Black History Month: Changes at church founded by slaveholders

A historic Long Island church that was founded by slaveholders more than three centuries ago today serves a predominantly black congregation.
St. George's Episcopal Church in Hempstead opened its doors in 1704, when local residents were mostly farmers. Many used slave labor to work their land.  Wealthy, land-owning parishioners rented pews on the first floor of the church, while the first African-Americans to attend the church were slaves who likely sat up on the second floor.
Charles Egleston, historiographer for the Episcopal Diocese of Long Island, says many of the early church members were affluent. Among its notable members is Thomas Jones, the namesake for Jones Beach. Outside of the church are the graves of the Hewlett family, who founded the Five Towns hamlet.
As decades passed and times changed, African-Americans were eventually granted full membership to the church. But racial tensions persisted into the Civil Rights era.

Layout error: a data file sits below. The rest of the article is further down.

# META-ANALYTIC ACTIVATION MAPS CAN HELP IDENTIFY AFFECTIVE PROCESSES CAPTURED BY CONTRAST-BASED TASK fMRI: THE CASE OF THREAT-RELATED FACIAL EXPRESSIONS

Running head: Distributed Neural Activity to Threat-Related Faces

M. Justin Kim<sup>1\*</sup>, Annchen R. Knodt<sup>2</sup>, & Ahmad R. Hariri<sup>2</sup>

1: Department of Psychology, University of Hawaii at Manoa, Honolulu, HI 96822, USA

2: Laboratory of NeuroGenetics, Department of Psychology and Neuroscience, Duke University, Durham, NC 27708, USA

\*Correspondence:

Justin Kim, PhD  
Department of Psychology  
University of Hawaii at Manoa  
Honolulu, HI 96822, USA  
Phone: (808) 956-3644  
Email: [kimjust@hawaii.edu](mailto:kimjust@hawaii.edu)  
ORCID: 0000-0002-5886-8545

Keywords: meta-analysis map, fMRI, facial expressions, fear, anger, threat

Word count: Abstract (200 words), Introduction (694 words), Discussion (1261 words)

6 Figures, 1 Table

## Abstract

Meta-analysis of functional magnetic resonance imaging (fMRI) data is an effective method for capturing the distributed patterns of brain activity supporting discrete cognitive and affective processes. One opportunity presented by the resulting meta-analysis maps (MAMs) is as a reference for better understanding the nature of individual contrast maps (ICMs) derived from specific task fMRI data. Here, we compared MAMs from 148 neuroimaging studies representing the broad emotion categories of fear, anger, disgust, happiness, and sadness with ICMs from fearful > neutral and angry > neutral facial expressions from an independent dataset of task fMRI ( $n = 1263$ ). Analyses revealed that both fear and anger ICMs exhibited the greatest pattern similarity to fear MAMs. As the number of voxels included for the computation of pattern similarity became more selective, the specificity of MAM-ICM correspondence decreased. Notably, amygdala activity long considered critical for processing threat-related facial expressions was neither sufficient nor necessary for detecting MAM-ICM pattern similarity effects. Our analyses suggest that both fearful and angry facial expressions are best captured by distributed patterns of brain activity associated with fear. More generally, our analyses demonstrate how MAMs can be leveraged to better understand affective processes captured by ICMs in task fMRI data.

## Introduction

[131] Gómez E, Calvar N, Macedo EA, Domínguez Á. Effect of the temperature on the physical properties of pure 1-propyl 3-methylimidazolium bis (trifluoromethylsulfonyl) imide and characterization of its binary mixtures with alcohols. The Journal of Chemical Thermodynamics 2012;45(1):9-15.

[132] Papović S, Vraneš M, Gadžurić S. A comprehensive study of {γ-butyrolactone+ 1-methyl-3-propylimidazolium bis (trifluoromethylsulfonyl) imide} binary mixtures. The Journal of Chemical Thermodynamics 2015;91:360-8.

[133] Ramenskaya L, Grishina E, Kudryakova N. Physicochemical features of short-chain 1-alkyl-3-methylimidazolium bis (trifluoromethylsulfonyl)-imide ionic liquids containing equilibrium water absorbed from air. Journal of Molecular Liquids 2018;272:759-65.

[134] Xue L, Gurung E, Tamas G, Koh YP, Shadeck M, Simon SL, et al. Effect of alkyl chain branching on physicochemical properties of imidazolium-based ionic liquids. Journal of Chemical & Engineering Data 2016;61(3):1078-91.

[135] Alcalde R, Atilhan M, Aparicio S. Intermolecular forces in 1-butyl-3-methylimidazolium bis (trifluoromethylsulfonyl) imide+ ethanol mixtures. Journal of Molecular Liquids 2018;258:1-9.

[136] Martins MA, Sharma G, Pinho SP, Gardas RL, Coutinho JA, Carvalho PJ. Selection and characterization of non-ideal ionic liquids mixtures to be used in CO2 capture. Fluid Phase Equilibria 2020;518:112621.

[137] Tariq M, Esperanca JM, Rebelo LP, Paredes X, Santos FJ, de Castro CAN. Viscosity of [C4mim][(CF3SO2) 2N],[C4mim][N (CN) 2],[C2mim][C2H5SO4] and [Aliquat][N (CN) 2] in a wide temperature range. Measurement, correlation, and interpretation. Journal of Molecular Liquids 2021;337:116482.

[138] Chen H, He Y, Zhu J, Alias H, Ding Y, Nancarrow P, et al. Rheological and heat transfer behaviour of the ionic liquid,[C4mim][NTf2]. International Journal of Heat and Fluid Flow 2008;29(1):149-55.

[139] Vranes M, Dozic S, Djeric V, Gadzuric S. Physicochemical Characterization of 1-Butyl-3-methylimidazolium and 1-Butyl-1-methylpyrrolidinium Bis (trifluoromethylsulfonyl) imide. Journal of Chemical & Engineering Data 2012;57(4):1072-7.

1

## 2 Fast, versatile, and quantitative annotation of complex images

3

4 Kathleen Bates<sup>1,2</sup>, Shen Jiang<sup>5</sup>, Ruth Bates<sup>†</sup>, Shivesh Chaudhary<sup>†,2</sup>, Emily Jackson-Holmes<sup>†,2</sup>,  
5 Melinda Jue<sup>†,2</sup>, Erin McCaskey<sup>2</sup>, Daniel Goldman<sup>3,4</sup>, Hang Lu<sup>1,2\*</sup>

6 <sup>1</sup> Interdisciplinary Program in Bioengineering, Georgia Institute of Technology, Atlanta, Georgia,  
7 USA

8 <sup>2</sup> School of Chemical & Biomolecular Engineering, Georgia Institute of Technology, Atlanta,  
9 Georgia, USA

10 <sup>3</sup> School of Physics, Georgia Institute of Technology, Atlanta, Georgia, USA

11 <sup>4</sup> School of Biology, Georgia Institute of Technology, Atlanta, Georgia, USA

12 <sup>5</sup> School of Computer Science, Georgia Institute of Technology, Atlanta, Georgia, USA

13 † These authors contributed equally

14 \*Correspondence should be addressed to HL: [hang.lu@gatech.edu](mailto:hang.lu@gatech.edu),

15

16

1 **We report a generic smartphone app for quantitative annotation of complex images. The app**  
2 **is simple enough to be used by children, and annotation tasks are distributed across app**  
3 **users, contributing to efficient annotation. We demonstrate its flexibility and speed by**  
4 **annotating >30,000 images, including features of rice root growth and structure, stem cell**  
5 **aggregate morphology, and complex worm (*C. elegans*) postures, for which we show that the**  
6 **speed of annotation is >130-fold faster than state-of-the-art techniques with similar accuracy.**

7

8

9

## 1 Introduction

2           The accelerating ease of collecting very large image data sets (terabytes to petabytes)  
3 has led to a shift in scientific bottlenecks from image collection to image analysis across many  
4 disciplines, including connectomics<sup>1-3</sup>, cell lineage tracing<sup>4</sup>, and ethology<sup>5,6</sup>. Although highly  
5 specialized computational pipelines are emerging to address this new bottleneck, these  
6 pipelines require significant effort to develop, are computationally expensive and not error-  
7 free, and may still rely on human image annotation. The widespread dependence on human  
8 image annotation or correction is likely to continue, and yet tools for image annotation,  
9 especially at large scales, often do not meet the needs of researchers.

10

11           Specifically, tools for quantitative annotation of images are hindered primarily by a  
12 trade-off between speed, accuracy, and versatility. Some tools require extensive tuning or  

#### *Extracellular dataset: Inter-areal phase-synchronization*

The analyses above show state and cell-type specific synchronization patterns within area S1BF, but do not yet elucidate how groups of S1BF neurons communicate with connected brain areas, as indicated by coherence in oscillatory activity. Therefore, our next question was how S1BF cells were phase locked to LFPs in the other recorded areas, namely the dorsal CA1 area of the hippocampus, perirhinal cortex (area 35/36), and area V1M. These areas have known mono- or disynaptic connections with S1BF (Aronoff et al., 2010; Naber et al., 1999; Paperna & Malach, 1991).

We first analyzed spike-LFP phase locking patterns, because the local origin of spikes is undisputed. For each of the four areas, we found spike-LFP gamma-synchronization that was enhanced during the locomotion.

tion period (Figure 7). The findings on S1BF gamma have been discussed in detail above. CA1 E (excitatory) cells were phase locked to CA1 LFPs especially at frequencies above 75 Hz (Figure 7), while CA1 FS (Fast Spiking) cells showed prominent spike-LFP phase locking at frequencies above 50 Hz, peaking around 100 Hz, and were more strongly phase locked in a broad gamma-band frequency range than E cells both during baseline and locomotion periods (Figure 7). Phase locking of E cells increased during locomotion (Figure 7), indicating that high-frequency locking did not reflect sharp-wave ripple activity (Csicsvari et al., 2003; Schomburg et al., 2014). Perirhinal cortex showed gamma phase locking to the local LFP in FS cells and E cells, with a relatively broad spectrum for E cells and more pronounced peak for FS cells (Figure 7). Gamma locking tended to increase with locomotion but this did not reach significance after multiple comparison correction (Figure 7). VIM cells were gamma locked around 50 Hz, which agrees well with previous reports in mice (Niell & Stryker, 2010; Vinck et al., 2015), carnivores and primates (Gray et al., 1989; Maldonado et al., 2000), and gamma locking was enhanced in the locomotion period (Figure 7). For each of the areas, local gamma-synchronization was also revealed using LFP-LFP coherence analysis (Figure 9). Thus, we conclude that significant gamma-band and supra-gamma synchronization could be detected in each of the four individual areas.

Beverly James first attended the historic church as a college student in the 1960s. At the time, the congregation was mostly white.
"When I first came to St. Georges I was not welcome here," she recalls. "It was just very cold, no one spoke to me. When I sat in a pew one woman in particular drew herself to herself and I recognized that was not where I wanted to be."
James didn't think she'd ever return. But she moved to Long Island permanently in the '80s, and by then, as a result of "white flight" in the surrounding area, the congregation had significant African-American membership.
Today the church is predominately black, with most congregants hailing from Caribbean nations.
The church's priest, Rev. Frederic Miller, says members are reflecting on their past, but are more concerned with moving forward.
James remains active at the church, which she says is still working toward racial reconciliation.
"We've been here 316 years, and we've got a lot of work to do to keep it going," she says.